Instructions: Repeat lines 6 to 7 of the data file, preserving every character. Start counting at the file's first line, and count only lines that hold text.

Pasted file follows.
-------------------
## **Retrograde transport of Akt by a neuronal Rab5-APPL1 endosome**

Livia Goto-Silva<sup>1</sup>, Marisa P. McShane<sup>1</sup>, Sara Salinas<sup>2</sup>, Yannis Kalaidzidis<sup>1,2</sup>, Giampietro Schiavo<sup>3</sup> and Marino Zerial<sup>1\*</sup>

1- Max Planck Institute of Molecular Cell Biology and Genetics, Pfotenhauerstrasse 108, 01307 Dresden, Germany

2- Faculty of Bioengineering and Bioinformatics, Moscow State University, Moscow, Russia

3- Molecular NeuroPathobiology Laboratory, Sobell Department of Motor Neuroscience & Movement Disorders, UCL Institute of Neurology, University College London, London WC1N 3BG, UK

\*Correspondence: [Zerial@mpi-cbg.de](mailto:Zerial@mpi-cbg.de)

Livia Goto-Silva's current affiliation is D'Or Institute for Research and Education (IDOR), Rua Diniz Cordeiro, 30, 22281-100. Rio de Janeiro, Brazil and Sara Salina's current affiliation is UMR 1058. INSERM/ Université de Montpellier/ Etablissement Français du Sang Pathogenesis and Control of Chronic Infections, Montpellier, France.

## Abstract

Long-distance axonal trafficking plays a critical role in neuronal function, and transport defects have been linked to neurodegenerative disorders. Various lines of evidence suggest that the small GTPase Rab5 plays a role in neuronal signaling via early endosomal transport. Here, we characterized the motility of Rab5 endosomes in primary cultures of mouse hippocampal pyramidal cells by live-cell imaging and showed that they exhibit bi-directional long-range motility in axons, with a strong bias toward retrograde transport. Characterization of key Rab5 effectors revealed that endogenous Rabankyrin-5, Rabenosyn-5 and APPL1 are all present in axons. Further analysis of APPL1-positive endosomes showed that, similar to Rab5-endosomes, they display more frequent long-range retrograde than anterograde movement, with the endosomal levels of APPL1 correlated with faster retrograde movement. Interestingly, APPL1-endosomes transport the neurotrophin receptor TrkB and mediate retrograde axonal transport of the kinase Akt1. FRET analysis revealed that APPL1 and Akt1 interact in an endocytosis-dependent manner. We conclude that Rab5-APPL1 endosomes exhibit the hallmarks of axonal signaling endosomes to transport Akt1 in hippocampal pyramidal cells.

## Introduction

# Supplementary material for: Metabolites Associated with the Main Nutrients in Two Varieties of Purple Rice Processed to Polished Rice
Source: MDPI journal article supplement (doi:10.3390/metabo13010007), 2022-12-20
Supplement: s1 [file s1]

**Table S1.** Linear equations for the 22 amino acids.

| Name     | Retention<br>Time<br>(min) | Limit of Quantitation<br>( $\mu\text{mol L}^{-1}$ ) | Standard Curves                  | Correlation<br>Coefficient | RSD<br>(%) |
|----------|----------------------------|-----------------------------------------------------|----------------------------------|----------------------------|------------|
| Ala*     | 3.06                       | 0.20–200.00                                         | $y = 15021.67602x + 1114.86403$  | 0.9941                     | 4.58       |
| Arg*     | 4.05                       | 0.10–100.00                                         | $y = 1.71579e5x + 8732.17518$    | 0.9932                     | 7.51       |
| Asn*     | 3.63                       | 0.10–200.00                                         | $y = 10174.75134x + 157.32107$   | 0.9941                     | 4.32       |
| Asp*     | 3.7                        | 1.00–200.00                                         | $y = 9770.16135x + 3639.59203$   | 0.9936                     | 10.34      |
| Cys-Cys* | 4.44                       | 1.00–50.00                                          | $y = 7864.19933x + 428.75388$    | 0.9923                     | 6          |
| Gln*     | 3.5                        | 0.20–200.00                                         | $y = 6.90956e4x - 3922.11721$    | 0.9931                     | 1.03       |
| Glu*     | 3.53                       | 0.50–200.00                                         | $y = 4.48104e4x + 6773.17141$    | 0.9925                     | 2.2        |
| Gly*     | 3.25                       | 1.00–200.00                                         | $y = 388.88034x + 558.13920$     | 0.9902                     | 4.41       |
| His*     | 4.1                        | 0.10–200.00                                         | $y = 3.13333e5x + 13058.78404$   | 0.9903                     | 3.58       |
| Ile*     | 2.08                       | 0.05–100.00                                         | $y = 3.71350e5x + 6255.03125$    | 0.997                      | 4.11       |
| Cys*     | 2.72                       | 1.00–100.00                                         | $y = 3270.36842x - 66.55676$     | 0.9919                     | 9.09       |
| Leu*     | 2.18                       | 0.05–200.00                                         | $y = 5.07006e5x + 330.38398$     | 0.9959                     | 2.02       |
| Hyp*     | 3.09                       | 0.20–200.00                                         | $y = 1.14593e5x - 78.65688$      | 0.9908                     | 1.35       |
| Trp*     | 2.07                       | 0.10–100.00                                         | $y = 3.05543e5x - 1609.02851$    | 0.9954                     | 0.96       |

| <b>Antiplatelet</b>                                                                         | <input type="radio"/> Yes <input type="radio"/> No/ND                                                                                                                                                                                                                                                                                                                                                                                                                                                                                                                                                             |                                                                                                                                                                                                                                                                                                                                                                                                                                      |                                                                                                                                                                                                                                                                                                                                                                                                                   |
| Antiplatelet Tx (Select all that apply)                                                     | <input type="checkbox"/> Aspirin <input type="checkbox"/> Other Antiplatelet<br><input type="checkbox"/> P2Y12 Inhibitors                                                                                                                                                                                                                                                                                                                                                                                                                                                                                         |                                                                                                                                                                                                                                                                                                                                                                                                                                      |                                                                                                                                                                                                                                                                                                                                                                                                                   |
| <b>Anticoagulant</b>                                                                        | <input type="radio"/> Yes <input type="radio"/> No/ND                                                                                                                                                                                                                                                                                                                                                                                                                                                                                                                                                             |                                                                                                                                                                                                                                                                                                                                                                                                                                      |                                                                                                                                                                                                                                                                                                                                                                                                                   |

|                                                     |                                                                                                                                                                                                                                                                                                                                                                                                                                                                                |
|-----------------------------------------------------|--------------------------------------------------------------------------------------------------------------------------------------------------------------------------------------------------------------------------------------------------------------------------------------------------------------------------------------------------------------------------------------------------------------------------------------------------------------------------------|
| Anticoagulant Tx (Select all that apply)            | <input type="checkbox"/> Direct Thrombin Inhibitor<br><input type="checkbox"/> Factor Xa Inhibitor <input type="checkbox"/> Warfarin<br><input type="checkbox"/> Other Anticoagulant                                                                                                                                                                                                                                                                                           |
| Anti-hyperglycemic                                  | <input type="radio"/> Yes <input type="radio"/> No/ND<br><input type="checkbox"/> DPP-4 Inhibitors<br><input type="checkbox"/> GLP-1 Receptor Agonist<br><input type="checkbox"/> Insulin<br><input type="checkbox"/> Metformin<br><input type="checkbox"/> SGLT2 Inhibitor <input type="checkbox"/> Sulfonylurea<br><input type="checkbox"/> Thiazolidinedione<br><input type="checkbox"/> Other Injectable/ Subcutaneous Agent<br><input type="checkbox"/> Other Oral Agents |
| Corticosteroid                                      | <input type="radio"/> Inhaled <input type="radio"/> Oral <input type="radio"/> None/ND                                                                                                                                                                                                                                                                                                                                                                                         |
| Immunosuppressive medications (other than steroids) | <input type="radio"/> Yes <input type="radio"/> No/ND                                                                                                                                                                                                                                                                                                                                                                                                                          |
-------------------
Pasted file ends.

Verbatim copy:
\*Correspondence: [Zerial@mpi-cbg.de](mailto:Zerial@mpi-cbg.de)

Livia Goto-Silva's current affiliation is D'Or Institute for Research and Education (IDOR), Rua Diniz Cordeiro, 30, 22281-100. Rio de Janeiro, Brazil and Sara Salina's current affiliation is UMR 1058. INSERM/ Université de Montpellier/ Etablissement Français du Sang Pathogenesis and Control of Chronic Infections, Montpellier, France.